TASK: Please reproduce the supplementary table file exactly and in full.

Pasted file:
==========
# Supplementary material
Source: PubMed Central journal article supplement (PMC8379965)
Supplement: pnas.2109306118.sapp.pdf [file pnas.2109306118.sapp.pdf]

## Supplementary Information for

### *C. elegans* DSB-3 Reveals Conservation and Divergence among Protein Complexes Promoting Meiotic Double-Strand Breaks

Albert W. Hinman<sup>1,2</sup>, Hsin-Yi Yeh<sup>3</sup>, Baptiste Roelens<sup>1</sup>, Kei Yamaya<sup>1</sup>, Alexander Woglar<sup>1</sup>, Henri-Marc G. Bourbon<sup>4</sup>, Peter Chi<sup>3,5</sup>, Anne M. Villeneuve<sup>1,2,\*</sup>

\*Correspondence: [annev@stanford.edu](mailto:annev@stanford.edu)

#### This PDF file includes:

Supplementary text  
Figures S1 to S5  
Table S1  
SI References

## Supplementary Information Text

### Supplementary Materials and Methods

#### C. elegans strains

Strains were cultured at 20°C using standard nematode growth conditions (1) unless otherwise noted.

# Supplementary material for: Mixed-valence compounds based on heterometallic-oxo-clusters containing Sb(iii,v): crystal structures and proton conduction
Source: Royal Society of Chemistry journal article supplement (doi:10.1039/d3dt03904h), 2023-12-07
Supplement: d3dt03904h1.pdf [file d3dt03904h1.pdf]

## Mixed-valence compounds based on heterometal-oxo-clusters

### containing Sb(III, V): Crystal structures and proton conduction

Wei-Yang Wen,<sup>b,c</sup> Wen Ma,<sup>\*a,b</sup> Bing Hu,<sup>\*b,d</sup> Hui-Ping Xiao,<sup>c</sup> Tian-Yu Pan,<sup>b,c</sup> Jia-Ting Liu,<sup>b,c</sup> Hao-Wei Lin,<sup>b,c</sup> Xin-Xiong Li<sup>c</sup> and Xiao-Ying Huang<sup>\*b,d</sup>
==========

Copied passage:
# Supplementary material
Source: PubMed Central journal article supplement (PMC8379965)
Supplement: pnas.2109306118.sapp.pdf [file pnas.2109306118.sapp.pdf]

## Supplementary Information for

### *C. elegans* DSB-3 Reveals Conservation and Divergence among Protein Complexes Promoting Meiotic Double-Strand Breaks

Albert W. Hinman<sup>1,2</sup>, Hsin-Yi Yeh<sup>3</sup>, Baptiste Roelens<sup>1</sup>, Kei Yamaya<sup>1</sup>, Alexander Woglar<sup>1</sup>, Henri-Marc G. Bourbon<sup>4</sup>, Peter Chi<sup>3,5</sup>, Anne M. Villeneuve<sup>1,2,\*</sup>

\*Correspondence: [annev@stanford.edu](mailto:annev@stanford.edu)

#### This PDF file includes:

Supplementary text  
Figures S1 to S5  
Table S1  
SI References

## Supplementary Information Text

### Supplementary Materials and Methods

#### C. elegans strains

Strains were cultured at 20°C using standard nematode growth conditions (1) unless otherwise noted.

# Supplementary material for: Mixed-valence compounds based on heterometallic-oxo-clusters containing Sb(iii,v): crystal structures and proton conduction
Source: Royal Society of Chemistry journal article supplement (doi:10.1039/d3dt03904h), 2023-12-07
Supplement: d3dt03904h1.pdf [file d3dt03904h1.pdf]

## Mixed-valence compounds based on heterometal-oxo-clusters

### containing Sb(III, V): Crystal structures and proton conduction

Wei-Yang Wen,<sup>b,c</sup> Wen Ma,<sup>\*a,b</sup> Bing Hu,<sup>\*b,d</sup> Hui-Ping Xiao,<sup>c</sup> Tian-Yu Pan,<sup>b,c</sup> Jia-Ting Liu,<sup>b,c</sup> Hao-Wei Lin,<sup>b,c</sup> Xin-Xiong Li<sup>c</sup> and Xiao-Ying Huang<sup>\*b,d</sup>